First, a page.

Let's just review: "the most recent common ancestor of Triceratops and
Ornitholestes and all of its descendants" (a phylogenetic definition for a
taxon name, one currently not being employed) exists, independent of our
ability to recognize its diagnosis, content (other than the taxa used to
delimit it), internal structure, or any of its other inherent
particularities. You may think this includes all of the taxa traditionally
termed "dinosaurs" and "birds," I may think the only known members are the
specifying taxa, Hypsilophodon foxii and three of the species of
Psittacosaurus. Those are hypotheses of its content; neither says anything
about whether it exists or not, and nor does the fact that it was named in
the context of either of these possible contents (or any other). If you can
come up with circumstances under which these two taxa do NOT share a common
ancestor, then maybe we can talk.

> Finally, though the analysis is not necessarily complete and correct ('not
> fully discovered') the author says, 'the natural ordering of life (through
> phylogenetic relationships) is discovered...'  That's a very definite
> statement which appears to contradict some prior statements.

    You took this out of context, and clipped the end of the last quote:
"and clades are named with the intention of discovering the known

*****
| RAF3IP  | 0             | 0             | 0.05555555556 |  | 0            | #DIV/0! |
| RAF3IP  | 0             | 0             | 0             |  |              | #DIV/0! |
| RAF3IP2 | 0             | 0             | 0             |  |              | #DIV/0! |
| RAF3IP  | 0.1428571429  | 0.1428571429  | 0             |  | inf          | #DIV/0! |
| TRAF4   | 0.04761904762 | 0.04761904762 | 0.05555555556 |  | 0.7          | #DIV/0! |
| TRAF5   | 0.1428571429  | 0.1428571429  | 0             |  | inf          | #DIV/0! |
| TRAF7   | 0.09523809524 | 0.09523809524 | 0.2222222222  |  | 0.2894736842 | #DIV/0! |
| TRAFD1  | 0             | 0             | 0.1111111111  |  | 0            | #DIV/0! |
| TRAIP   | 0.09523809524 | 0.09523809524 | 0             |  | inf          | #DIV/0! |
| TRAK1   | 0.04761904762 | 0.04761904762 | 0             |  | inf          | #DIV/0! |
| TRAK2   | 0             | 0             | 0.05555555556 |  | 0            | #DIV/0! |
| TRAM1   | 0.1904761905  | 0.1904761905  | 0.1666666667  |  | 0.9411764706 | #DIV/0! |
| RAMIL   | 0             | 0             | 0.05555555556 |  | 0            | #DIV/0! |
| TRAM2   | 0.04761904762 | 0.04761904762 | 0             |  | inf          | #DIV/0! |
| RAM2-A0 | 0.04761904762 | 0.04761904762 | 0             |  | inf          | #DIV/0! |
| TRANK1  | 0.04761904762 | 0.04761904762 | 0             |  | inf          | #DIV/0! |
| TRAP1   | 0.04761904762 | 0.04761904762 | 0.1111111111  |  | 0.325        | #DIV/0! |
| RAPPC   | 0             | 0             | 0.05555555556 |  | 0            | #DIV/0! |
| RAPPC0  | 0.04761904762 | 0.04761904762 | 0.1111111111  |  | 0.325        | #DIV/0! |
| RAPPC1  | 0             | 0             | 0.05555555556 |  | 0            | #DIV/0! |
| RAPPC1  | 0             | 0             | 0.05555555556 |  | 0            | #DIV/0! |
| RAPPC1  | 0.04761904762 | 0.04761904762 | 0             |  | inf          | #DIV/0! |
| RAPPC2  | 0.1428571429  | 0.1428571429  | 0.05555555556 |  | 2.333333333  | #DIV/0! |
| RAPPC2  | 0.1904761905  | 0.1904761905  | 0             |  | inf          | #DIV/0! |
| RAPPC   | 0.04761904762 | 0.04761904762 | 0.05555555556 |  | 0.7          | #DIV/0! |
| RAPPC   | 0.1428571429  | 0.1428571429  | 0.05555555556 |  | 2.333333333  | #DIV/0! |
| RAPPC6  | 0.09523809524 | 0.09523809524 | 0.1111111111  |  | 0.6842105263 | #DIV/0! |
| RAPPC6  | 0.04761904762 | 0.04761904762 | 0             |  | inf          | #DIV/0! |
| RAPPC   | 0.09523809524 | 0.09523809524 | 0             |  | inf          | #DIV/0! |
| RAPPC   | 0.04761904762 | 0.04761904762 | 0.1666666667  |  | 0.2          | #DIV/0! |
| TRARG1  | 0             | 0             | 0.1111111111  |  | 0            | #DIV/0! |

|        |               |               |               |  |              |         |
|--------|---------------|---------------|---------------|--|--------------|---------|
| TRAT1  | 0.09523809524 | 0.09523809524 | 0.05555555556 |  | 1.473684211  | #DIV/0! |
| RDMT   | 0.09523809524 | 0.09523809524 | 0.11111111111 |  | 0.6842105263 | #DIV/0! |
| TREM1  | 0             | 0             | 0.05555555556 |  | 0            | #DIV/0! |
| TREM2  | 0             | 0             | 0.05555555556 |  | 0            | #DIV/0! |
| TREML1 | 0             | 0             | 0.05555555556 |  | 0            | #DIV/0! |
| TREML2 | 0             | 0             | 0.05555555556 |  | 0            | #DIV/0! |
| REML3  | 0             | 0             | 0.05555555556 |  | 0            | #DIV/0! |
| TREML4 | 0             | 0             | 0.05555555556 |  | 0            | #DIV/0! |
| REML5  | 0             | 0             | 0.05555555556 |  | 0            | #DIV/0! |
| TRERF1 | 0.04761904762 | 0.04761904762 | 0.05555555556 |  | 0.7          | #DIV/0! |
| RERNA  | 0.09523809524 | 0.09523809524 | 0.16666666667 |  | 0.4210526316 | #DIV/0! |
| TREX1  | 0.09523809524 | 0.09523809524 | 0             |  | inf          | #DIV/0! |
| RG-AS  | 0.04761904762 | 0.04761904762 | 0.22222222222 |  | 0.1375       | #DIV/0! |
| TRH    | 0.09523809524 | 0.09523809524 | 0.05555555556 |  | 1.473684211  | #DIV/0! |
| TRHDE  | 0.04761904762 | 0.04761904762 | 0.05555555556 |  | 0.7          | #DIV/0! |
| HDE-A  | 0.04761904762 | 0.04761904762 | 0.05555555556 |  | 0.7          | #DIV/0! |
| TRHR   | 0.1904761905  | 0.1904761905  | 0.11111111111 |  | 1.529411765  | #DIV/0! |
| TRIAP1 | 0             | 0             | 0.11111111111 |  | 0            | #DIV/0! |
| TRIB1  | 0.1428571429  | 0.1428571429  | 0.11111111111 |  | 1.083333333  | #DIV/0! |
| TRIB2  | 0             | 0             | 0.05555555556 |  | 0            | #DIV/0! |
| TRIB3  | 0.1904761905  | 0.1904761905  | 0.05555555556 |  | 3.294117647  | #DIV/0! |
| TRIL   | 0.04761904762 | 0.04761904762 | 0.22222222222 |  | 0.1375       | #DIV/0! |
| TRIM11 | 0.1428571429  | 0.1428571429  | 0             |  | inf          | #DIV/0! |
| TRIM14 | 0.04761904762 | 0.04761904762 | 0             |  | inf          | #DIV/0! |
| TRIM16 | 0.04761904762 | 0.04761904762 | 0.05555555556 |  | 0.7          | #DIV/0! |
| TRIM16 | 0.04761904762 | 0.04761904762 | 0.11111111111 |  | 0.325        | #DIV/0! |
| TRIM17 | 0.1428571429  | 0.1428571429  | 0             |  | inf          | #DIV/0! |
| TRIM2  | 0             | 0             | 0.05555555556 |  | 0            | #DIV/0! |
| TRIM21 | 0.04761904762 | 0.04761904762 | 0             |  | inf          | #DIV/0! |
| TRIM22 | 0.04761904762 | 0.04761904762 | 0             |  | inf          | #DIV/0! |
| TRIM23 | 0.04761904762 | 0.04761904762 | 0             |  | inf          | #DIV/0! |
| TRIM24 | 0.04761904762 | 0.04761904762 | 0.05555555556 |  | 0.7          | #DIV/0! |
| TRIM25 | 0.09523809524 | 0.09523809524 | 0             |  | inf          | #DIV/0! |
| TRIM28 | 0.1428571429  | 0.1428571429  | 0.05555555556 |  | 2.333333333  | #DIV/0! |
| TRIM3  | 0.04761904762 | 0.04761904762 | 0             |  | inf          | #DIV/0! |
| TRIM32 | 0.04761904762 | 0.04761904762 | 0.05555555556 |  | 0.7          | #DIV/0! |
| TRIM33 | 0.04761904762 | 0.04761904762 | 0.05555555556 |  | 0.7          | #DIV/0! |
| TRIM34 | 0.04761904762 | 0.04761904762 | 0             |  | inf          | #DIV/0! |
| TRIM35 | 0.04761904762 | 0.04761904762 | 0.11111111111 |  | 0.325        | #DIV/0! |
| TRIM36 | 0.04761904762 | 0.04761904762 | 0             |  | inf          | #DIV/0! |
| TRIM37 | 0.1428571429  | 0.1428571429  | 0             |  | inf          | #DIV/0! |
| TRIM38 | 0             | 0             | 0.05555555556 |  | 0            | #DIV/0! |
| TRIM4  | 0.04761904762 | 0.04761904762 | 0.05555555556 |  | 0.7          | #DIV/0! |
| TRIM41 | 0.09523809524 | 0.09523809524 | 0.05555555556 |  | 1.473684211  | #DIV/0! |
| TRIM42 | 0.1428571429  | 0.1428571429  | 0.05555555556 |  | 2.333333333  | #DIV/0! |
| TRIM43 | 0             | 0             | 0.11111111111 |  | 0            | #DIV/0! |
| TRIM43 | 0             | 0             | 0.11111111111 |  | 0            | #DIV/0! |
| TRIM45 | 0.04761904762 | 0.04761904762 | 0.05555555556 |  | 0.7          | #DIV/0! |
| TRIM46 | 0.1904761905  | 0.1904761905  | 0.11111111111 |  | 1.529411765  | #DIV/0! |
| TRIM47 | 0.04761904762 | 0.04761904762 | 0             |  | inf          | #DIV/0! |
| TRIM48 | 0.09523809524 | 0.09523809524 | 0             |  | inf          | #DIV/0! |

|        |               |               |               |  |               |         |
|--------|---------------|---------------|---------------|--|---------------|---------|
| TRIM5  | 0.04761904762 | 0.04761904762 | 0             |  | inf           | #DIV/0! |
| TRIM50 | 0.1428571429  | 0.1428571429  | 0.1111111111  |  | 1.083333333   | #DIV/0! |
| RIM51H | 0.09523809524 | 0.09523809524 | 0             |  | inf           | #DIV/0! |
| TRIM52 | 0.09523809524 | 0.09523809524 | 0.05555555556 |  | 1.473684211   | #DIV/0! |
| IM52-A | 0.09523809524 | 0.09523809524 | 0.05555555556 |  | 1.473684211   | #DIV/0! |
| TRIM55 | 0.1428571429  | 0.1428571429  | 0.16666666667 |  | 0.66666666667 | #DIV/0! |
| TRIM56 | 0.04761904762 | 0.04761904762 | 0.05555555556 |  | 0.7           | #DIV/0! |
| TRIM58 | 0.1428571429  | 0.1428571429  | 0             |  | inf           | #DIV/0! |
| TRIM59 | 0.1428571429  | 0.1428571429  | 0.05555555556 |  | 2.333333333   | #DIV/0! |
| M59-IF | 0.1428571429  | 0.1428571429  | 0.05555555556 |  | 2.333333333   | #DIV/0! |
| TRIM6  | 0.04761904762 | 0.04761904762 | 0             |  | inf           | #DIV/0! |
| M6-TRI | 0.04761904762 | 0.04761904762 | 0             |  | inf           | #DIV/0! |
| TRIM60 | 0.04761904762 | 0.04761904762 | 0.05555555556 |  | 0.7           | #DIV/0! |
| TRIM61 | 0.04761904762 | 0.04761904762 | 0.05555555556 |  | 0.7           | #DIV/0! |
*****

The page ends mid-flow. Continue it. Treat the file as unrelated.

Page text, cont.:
descendants of the specified common ancestor." This statement was part of a
contrast with traditional taxonomy, in which heirarchichal order is IMPOSED
on the diversity of life, with groups drawn up and circumscribed prior to
naming and analysis (if any). This was meant to emphasize the role of
hypothesis, test and discovery (science) in determining the structure of a
strictly phylogenetic nomenclature. I was certainly not implying that
species placed in a phylogenetic taxonomy will naturally ALWAYS fall in
their correct historical groupings. That would be patently silly.

> Just one other quote:
> '...a phylogenetic name ALWAYS refers to the same clade, and therefore the
> same included species.  The crux of phylogenetic nomenclature is that the
> included species are HYPOTHESIZED...'
> Mrmph.
    Do you have an (articulate :) problem with this statement? If there is
one true history of life (there is), a name defined phylogenetically will
always refer to the same group of species. We may never know all of them, or
we may never put them under the correct name, but they are there,
independant of our analysis. That's the point of phylogenetic nomenclature:
using the real heirarchical natural of life as a basis for taxonomy. That
way, taxonomic uncertainty reflects real phylogenetic uncertainty, rather
than some combination of this and scholarly fiat.

> Responding to the author's comment, please consider this a brief, partial
> RETAIL observation.
    I wonder if Mickey and Mary can time you out for excessive cuteness. ;)

    Hope this helps,

    Wagner

Jonathan R. Wagner
9617 Great Hills Trail #1414
Austin, TX 78759